[iDC] "recursive publics"

Gabriella Coleman biella at nyu.edu
Fri Jul 10 11:15:37 UTC 2009

Interesting discussion about publics and geeks so I thought I would jump 
in with a  few thoughts and questions that I have been meaning to ask Chris.

I agree with Chris that the geek public is a critical one: it is not 
hinged to questions of Justice, but does concern itself with issues 
related to what is right for technology, which as been at the basis for 
a series of important transformations within the field of IP law and a 
few other tech fields. Individually geeks come in pretty much every 
political stripe, from anarchist to conservative though it seems that a 
core in North American and Northern Europe, England are more liberal (in 
the Mill, Dewey sense not the  classic liberal or neoliberal variety 
thought you can find them too) and collectively or as a cultural 
practice, I tend to see this field as a liberal critique within 
liberalism, in particular neoliberalism. Certainly may not be enough of 
a politics but there is some interesting political work being done.

What I find interesting about the recursive public is how it brings into 
stark relief an insight about publics posed by Michael Warner, in 
particular, the tension between universality and particularity, which 
makes publics struggle with their own conditions of existence.  A public 
as defined by Warner is an anonymously relational, imaginary space for 
the circulation of discourse.  While a public clearly enunciates a 
formal script of universal accessibility, it also beholds an implicit 
subtext that functions to elaborate as he says, “a particular culture, 
its embodied way of life”. And while the tentacles of its discursive 
address are oriented toward any stranger, these modes of address are 
nonetheless textured by group-specific cultural, literary, ethical, and 
political conventions, and thus in practice only consistently reach a 
limited number of people. It is for this reason Slashdot is 
understandable to a literate, educated public. Anyone can read, comment, 
listen, and care but in the end of the day only a fraction of people 
will really care, again due to the fact that the liberal subject does 
not really exist.  That is what I find, at times, so ironic about geeks: 
they bring into cultural being certain variants of liberalism (here i am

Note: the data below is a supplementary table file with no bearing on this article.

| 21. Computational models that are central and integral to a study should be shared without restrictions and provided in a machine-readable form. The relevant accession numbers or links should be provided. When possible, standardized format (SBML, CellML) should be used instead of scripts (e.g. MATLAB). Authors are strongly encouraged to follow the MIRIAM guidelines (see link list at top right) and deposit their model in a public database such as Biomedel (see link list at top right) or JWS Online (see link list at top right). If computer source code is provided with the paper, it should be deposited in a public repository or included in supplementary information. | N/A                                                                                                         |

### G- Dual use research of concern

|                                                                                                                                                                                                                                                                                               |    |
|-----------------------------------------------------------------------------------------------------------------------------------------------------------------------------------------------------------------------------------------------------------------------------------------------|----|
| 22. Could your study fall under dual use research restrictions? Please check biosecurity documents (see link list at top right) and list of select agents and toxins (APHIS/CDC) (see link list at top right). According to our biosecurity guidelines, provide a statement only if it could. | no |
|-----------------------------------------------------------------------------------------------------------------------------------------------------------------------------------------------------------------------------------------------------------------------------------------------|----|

thinking of Stuart Hall's excellent essay on the topic) and yet also 
point to how we are molded, intensely, by our everyday work and labor, 
thus pointing to the fallacy of the liberal subject as most traditional 
liberal theory formulates it.

Recursive publics, like all publics are bound and limited by what/who 
they will appeal to, which is certainly true for the geeks Chris writes 
about. But in the last five years, this public has been able to garner 
the attention of many more. It has exceeded the geek subject, catching 
in its net folks that don't directly tinker with technology but have 
come to care for the same issues geeks have (Free Culture is a good 
example of this). There many reasons for this, but one is that I think 
sometimes for folks, they were attracted to participating in a realm of 
politics that seemed to make an impact, however narrow.

During fieldwork, one anarchist geek, working to throw a monkey wrench 
in the cogs of capital, once phrased his enjoyment of working with Free 
Software as "It is nice to be on the winning side somtimes" which he 
elaborated in terms of fulfillment: that working on stuff that lots of 
people use, that is having an impact, and that is well known helps keep 
his political motor running. Still super committed to his anarchist and 
lefty ways, he still found a magnetism--a strong one--working within 
this recurive public, for the reasons Chris has elaborated on.

Another point is that while knowing about tech is necessary, tweaking 
with tech is not requisite for participation in this public, at least as 
I ethnographically understand it. My question for Chris, and this came 
out in both my undergrad and grad class when we taught your book: is 
what is the status of those who don't tinker? Is this a distinction that 
we should bother to make?

I also wondered why, given you drew on Warner's work, why you did not 
frame this recursive public as a counterpublic as counterpublics as 
defined by Warner exist in ethical or political tension with dominant 
values. Maybe it is just implicit, but thought I would throw this out there.


Gabriella Coleman, Assistant Professor
Department of Media, Culture, & Communication
New York University
239 Greene St, 7th floor
NY NY 10003

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